By focussing on the intentional character of observation in science, we argue that ConstructiveEmpiricism—B.C. van Fraassen’s much debated and explored view of science—is inconsistent. We then argue there are at least two ways out of our Inconsistency Argument, one of which is more easily to square with ConstructiveEmpiricism than the other.
I develop a concept of observability that pertains to qualities rather than objects: a quality is observable if it can be registered by human sensation (possibly with the aid of instruments) without involving optional interpretations. This concept supports a better description of observations in science and everyday life than the object-based observability concepts presupposing causal information-transfer from the object to the observer. It also allows a rehabilitation of the traditional empiricist distinction between observations and their interpretations, but without a presumption (...) that observations are infallible. Using this concept of observability, I also propose a re-formulation of constructiveempiricism that is easier to defend against realist attacks, while open to reasonable realist intuitions. (shrink)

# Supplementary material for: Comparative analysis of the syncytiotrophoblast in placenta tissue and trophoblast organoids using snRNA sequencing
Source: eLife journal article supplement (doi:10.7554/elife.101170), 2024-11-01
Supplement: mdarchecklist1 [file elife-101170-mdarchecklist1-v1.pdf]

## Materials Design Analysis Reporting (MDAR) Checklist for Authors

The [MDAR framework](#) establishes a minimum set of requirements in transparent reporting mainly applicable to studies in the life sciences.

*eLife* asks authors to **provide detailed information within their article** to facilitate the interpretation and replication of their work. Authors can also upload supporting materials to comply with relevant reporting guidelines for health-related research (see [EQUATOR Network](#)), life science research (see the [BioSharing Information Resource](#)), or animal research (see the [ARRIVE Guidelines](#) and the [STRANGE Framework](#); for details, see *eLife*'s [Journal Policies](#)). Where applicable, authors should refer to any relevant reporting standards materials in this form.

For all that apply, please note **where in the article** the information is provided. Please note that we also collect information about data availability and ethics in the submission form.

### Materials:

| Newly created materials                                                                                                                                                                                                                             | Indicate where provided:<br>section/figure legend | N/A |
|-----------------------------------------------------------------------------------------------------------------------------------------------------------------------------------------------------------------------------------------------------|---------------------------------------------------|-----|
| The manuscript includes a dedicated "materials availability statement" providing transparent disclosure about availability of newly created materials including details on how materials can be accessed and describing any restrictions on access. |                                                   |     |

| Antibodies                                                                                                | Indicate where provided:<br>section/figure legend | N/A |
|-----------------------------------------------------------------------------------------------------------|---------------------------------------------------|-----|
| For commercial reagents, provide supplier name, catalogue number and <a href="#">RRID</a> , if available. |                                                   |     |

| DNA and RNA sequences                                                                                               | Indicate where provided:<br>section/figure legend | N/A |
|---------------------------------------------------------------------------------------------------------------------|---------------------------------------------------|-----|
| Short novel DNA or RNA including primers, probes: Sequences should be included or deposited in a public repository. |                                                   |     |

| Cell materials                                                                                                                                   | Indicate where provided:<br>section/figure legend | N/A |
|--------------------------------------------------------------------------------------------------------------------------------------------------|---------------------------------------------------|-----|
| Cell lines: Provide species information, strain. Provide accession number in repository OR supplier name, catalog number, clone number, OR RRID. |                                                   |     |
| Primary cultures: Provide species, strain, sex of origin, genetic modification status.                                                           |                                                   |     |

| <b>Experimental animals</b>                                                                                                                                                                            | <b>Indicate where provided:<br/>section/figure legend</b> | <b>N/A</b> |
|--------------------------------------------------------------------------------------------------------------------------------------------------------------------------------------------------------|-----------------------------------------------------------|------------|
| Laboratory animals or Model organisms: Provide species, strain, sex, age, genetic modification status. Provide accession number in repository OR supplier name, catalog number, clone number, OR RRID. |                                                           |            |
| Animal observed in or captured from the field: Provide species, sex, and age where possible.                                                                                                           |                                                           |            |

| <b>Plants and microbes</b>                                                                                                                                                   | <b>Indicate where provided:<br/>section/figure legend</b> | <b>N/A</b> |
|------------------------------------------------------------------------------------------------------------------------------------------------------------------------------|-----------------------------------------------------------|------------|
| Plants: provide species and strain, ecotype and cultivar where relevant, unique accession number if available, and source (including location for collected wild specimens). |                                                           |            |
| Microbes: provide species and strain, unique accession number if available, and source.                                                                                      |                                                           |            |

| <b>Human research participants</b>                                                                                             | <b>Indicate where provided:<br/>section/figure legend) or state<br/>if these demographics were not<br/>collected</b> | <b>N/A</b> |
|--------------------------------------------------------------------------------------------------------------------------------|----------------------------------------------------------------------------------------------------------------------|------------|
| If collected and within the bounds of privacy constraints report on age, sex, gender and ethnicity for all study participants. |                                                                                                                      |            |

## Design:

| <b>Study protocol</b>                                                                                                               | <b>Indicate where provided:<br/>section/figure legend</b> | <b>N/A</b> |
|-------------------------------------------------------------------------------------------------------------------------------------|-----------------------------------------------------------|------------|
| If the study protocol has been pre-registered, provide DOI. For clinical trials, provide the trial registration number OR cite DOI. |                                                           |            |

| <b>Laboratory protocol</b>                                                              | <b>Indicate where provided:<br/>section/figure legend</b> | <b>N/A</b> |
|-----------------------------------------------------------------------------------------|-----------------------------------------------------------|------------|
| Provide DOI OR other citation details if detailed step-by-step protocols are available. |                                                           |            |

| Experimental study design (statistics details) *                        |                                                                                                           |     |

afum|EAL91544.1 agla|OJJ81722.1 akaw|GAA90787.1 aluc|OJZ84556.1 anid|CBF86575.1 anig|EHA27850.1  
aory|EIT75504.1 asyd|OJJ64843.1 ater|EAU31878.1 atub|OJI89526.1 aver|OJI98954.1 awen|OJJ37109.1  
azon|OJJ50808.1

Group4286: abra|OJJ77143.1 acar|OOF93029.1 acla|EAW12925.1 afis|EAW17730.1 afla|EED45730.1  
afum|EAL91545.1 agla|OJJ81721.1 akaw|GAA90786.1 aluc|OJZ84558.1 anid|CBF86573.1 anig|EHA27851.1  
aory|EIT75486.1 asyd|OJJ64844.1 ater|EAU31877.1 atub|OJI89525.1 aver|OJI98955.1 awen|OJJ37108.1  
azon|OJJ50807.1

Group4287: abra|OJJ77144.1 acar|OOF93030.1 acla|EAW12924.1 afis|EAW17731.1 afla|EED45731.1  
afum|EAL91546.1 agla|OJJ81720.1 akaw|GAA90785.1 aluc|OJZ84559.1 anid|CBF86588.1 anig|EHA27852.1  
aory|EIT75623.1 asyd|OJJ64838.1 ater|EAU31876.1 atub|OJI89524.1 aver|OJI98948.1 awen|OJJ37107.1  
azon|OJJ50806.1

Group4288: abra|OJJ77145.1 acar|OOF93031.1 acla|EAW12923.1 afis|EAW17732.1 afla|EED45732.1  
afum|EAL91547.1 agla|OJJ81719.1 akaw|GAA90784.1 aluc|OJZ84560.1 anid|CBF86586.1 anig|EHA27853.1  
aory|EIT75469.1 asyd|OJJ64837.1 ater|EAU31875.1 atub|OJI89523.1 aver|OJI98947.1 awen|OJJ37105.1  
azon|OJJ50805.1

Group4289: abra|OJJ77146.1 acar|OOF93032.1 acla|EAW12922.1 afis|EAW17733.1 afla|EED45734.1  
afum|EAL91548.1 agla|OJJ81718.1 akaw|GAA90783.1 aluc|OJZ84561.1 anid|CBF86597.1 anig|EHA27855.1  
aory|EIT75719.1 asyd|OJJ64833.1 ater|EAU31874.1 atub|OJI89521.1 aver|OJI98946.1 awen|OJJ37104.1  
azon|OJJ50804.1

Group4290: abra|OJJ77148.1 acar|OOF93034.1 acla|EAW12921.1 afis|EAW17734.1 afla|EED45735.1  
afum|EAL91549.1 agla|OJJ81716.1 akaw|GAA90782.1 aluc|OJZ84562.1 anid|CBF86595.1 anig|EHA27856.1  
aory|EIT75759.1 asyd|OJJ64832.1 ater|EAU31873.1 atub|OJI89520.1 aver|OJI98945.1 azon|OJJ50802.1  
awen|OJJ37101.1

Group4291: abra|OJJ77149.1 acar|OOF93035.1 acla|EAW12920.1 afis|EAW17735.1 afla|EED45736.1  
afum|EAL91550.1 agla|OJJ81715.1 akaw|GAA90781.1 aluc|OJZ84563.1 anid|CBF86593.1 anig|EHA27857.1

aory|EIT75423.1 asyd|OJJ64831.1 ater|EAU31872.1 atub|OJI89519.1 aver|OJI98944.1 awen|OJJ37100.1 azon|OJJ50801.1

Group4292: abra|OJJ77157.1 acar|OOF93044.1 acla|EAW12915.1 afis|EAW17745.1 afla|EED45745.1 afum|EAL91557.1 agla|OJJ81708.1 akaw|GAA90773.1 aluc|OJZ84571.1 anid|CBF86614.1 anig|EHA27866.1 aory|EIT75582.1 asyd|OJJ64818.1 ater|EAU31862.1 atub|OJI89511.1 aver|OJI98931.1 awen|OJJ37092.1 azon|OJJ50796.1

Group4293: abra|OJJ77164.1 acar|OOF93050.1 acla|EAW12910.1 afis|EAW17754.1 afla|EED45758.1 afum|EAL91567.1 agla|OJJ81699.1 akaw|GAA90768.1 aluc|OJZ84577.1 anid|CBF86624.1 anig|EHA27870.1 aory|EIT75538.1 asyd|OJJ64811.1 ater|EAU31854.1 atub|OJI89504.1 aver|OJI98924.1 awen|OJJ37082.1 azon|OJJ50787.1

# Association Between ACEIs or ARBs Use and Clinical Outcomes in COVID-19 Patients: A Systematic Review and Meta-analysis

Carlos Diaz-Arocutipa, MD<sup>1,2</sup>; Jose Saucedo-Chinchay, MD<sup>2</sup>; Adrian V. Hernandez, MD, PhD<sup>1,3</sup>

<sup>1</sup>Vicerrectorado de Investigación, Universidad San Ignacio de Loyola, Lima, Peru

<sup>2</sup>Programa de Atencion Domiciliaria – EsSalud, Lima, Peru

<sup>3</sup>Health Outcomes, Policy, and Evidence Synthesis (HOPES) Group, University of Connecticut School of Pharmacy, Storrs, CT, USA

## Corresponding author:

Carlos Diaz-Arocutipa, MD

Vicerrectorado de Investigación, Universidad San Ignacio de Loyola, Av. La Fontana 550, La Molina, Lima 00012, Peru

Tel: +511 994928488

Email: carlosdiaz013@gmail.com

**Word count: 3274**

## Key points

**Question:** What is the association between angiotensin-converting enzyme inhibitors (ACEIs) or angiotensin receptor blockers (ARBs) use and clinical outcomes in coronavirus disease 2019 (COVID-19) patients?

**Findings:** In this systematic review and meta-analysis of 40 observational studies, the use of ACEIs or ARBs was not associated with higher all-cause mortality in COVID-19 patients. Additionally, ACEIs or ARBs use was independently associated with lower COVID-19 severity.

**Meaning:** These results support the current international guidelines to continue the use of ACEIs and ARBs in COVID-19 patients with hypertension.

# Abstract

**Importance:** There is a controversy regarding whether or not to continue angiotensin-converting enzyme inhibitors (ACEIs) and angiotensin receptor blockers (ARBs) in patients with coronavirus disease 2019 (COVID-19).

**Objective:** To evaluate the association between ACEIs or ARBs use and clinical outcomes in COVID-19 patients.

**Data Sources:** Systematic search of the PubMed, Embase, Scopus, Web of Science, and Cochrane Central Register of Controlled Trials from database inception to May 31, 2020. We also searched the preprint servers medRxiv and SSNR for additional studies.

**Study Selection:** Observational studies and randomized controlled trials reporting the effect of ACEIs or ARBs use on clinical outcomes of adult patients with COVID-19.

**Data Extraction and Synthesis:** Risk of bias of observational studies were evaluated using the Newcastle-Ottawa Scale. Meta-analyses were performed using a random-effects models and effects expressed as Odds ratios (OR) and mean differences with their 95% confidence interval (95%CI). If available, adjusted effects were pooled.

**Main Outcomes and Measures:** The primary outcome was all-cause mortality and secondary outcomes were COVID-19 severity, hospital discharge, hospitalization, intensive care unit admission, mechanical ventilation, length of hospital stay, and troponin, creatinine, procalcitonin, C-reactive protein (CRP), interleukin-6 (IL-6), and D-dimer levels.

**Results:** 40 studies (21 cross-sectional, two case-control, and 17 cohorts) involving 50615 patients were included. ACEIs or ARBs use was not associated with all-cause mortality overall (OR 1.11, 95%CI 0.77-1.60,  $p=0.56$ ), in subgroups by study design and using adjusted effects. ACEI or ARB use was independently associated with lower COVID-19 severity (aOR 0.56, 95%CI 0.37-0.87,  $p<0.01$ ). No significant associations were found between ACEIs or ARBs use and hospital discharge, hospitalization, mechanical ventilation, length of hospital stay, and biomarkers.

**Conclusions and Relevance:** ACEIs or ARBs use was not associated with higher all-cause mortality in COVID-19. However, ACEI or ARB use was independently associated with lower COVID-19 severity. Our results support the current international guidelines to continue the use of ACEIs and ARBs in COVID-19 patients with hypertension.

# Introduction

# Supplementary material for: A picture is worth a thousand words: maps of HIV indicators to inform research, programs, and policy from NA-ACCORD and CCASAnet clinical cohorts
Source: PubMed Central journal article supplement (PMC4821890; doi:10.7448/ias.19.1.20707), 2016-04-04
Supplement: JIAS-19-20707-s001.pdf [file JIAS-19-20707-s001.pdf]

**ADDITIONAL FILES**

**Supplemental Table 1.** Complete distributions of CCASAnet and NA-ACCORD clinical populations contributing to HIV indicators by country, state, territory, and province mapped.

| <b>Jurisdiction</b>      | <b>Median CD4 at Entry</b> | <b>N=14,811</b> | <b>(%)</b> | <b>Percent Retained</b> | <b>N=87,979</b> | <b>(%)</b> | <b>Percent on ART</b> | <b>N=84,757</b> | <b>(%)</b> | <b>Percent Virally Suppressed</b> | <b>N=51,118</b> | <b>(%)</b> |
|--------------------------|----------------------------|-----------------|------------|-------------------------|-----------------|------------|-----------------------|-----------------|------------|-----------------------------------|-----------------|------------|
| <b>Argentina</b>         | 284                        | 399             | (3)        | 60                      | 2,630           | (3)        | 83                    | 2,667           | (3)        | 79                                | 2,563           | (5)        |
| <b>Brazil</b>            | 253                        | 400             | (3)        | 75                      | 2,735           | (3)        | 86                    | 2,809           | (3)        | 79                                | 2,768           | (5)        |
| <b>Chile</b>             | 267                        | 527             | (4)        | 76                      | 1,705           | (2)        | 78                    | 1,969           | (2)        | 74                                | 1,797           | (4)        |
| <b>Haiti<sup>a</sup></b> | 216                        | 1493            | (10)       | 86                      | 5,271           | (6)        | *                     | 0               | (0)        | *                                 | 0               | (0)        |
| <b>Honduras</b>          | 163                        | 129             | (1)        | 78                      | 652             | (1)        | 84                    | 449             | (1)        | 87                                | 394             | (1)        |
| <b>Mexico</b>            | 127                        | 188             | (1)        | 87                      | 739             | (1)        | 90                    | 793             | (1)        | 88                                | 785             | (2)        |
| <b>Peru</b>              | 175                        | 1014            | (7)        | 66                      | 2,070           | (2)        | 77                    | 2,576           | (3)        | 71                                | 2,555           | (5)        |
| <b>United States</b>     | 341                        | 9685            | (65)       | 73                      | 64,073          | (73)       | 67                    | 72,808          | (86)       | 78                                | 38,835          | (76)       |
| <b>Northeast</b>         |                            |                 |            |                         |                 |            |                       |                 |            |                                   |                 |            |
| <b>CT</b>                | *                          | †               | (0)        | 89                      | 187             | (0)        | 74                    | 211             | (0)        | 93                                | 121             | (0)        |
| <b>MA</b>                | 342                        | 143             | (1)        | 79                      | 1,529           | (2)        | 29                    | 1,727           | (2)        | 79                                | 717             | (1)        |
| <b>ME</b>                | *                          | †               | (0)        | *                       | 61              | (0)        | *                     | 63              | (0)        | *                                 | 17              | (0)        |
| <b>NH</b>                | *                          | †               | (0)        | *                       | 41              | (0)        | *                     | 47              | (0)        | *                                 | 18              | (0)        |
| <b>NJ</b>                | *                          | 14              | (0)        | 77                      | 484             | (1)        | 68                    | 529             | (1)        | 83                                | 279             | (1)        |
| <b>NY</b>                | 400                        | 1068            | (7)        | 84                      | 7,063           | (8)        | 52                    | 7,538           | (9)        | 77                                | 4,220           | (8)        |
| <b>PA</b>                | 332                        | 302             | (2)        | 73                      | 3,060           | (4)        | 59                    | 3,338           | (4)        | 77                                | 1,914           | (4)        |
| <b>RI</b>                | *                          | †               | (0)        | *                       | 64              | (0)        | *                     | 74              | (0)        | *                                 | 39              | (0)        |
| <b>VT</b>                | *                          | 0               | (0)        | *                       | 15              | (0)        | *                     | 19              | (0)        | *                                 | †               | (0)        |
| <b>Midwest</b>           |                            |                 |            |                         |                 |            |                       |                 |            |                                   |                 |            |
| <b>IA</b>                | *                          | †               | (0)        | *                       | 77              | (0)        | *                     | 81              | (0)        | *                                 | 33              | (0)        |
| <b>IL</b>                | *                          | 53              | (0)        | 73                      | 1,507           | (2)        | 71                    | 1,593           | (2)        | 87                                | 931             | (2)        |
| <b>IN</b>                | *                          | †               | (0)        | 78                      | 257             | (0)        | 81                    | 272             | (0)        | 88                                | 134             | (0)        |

In this paper I will set out my understanding of Bas van Fraassen’s constructiveempiricism, some of the difficulties which I believe beset the current version, and, very briefly, some valuable lessons I believe are nonetheless to be learned by considering this view.We’ll need to begin with a review of how van Fraassen conceives of this kind of discussion.